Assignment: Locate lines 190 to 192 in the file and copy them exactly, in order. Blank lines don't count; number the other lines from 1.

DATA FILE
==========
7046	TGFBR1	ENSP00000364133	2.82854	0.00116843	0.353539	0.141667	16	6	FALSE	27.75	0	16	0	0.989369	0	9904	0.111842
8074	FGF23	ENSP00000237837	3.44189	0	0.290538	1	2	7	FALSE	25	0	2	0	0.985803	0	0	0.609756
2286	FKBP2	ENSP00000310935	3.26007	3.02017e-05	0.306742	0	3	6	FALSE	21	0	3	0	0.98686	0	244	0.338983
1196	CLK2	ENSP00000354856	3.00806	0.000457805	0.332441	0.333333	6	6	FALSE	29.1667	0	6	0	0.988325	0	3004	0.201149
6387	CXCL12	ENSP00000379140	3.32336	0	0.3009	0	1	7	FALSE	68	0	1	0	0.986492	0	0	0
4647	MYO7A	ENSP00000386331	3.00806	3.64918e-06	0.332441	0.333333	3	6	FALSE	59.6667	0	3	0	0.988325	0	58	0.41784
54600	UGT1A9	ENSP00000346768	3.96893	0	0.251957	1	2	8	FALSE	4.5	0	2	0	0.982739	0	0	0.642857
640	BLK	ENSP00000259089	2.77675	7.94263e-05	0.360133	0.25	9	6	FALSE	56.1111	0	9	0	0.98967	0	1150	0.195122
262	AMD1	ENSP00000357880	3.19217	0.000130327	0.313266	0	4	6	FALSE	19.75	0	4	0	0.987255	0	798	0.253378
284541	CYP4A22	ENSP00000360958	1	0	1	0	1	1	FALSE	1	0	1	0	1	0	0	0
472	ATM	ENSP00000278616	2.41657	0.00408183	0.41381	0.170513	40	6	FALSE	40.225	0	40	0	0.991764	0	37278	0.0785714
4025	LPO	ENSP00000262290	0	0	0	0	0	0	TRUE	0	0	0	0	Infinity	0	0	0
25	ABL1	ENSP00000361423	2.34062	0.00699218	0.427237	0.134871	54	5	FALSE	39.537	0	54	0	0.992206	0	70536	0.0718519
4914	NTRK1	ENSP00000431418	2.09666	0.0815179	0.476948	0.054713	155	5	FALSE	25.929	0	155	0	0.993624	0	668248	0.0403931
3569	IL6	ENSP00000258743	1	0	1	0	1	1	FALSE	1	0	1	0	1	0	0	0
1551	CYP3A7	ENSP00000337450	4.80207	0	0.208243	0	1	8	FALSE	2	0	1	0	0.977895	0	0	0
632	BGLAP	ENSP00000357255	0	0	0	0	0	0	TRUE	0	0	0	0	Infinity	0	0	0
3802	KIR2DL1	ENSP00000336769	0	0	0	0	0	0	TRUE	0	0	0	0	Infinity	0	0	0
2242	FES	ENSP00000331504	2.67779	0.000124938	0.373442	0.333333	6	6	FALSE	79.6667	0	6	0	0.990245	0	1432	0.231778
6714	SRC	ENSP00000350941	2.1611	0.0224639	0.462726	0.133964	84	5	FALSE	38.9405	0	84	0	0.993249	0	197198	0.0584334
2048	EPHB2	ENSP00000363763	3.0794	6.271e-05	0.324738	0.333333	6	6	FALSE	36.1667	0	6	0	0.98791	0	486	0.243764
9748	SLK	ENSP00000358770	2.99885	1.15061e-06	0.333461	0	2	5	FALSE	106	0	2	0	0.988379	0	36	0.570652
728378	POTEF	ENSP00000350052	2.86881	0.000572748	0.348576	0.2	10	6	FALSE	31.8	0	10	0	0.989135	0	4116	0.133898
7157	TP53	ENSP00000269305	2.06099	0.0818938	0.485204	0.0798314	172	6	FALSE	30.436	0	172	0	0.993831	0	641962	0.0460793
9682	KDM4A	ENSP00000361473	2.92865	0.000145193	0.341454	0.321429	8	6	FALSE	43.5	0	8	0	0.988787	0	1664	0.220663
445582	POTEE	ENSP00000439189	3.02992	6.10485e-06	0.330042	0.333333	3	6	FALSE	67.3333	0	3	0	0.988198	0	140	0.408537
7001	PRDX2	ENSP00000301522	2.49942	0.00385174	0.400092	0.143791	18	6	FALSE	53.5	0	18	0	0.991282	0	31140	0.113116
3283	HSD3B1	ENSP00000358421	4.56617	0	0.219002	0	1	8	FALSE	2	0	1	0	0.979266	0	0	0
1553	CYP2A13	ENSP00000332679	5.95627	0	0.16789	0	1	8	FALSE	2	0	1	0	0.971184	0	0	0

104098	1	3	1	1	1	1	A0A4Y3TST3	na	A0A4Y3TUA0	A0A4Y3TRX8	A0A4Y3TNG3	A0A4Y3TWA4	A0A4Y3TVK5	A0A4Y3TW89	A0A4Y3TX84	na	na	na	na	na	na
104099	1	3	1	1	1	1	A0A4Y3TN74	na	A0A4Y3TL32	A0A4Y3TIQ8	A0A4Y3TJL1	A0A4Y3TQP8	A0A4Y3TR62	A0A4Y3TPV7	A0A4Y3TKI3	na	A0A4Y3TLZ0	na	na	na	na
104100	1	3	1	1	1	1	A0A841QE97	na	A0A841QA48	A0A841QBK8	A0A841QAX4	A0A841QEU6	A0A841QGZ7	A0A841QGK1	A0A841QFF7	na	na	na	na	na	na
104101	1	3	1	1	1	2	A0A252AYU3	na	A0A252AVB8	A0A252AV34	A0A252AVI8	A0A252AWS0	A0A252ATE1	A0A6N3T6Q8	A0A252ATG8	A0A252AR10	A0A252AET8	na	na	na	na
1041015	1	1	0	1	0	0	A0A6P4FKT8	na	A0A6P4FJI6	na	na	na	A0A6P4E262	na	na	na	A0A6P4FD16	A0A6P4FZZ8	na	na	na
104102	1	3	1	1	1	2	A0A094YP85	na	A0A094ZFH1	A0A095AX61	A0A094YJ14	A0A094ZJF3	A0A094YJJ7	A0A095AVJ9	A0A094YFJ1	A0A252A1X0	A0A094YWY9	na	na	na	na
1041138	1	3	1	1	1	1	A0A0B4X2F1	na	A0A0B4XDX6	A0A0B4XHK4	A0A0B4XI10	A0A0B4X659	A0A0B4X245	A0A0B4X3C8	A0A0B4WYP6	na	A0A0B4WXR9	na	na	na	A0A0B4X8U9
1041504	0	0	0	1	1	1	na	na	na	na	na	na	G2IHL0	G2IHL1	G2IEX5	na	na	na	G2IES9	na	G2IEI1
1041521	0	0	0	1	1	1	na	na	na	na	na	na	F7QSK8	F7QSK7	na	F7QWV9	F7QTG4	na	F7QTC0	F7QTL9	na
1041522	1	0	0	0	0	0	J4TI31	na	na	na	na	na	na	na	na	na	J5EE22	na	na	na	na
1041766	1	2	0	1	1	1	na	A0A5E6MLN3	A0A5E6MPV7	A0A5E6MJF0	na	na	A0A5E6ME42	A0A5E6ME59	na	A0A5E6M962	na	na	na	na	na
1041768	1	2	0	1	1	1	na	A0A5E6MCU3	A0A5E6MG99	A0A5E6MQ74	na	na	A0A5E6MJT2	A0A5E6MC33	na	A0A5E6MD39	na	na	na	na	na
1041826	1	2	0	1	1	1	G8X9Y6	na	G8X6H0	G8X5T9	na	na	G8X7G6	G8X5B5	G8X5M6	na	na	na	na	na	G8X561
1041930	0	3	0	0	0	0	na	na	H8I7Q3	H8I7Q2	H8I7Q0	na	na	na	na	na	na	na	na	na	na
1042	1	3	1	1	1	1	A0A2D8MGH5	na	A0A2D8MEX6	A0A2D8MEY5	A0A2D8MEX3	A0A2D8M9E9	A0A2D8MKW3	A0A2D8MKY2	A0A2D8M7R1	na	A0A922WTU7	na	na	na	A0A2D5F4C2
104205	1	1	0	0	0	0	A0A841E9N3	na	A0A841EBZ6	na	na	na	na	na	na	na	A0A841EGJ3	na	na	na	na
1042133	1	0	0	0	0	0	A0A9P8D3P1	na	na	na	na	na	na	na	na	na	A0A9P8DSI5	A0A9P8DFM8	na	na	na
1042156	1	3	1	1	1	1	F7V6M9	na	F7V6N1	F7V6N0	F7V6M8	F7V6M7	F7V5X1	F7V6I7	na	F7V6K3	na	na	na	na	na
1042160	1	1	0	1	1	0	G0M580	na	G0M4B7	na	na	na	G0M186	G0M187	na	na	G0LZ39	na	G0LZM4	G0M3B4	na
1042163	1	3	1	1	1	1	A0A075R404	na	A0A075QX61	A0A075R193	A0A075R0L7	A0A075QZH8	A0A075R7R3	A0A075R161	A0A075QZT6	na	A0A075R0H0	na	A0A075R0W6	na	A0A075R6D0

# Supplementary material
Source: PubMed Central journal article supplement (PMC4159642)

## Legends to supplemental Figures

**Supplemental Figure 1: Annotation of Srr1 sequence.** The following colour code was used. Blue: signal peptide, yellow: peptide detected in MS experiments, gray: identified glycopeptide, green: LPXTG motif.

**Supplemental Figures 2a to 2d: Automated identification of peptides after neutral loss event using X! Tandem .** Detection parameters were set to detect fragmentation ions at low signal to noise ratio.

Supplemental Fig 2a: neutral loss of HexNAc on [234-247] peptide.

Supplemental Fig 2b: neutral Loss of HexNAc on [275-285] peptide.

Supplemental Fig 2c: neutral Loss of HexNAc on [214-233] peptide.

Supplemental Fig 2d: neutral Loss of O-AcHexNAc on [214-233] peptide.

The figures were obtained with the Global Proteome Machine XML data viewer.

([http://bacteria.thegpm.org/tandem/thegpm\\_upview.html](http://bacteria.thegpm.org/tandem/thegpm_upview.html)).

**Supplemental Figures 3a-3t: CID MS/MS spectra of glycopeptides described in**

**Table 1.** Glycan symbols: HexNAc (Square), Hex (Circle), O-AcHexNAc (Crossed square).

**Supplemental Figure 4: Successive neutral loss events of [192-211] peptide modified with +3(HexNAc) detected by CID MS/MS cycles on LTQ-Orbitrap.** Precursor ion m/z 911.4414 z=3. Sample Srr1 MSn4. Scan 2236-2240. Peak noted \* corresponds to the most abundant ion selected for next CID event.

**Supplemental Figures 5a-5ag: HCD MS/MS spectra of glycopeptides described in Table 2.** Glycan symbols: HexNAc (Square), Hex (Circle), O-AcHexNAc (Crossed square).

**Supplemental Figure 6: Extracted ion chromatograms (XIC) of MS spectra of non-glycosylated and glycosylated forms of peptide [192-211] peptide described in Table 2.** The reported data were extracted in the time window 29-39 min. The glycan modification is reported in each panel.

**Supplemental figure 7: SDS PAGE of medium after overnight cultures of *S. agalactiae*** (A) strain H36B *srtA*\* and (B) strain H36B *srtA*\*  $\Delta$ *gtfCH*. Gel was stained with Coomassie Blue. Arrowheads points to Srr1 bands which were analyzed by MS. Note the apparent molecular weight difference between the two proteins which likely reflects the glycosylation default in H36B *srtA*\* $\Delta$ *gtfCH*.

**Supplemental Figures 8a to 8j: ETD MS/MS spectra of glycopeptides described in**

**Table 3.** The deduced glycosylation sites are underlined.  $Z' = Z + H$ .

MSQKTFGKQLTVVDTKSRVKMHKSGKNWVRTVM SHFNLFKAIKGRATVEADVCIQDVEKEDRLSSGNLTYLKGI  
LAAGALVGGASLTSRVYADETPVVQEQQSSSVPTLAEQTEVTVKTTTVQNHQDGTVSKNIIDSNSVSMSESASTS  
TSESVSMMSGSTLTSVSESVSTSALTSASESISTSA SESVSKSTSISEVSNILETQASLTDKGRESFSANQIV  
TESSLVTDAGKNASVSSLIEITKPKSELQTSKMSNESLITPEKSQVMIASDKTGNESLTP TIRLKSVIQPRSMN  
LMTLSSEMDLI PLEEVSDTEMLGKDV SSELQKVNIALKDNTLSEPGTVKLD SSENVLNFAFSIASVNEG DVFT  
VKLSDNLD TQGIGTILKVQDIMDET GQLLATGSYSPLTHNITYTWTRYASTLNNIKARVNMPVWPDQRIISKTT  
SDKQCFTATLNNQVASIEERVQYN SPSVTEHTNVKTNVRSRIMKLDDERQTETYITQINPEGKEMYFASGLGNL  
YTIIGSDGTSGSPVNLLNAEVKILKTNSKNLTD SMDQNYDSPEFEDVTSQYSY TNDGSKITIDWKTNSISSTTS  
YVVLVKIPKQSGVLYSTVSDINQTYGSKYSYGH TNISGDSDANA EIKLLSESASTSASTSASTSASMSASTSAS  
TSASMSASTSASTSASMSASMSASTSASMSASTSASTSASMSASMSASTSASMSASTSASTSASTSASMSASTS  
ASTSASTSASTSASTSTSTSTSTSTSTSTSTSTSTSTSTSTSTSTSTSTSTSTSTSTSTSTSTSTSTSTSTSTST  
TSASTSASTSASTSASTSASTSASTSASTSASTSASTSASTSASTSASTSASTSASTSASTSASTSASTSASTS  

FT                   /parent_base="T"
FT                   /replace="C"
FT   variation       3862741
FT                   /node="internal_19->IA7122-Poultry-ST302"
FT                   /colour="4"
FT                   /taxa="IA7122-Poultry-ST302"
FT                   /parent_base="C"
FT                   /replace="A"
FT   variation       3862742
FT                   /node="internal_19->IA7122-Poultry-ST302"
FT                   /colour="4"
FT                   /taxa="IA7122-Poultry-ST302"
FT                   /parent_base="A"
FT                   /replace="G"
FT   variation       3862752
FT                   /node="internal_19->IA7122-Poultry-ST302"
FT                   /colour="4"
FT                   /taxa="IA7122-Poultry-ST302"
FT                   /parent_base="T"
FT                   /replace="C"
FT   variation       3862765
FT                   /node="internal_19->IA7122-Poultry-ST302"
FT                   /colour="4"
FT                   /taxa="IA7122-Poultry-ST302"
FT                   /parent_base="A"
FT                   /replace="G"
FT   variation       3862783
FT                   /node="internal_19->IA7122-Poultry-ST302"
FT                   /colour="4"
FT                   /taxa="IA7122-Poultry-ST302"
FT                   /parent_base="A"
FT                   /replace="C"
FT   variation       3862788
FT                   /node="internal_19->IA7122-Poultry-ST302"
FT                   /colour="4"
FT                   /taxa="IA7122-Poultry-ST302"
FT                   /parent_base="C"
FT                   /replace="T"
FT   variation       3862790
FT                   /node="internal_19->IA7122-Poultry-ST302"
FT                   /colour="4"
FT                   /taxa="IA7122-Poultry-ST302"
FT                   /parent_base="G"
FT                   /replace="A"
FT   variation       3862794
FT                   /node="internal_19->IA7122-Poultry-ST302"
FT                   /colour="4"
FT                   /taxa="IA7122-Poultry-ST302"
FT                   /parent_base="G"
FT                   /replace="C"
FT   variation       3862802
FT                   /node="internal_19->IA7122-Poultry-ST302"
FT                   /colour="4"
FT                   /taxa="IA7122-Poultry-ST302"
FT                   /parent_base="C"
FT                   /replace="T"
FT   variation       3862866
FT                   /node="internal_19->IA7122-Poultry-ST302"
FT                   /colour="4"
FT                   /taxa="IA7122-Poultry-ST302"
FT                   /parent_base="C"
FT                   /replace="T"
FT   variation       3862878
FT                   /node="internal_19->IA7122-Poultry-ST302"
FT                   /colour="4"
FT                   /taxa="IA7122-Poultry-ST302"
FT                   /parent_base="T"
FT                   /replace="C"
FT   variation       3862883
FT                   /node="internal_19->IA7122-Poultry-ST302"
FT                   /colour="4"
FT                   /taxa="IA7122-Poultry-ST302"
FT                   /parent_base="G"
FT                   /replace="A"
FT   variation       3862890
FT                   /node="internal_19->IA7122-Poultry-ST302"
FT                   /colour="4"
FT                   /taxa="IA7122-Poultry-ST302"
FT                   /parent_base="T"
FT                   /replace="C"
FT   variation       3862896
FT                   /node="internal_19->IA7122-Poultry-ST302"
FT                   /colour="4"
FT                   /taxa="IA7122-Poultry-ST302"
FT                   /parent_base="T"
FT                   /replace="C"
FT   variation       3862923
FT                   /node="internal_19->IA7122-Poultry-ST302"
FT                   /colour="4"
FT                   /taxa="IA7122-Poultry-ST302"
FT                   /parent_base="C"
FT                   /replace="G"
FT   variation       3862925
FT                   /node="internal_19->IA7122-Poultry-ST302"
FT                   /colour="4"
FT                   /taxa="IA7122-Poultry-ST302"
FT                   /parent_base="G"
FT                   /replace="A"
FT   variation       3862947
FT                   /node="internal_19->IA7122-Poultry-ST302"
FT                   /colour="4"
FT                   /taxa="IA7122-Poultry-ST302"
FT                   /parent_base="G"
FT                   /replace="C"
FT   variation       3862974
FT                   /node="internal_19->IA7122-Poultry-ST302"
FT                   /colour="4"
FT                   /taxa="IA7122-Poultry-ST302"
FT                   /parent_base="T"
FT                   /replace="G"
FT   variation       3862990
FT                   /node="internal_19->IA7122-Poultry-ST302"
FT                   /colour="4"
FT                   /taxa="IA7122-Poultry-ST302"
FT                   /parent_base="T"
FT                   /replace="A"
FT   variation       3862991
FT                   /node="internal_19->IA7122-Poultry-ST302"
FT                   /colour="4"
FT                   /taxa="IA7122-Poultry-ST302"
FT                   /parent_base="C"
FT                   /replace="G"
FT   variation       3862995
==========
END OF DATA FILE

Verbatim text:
FT                   /replace="G"
FT   variation       3862990
FT                   /node="internal_19->IA7122-Poultry-ST302"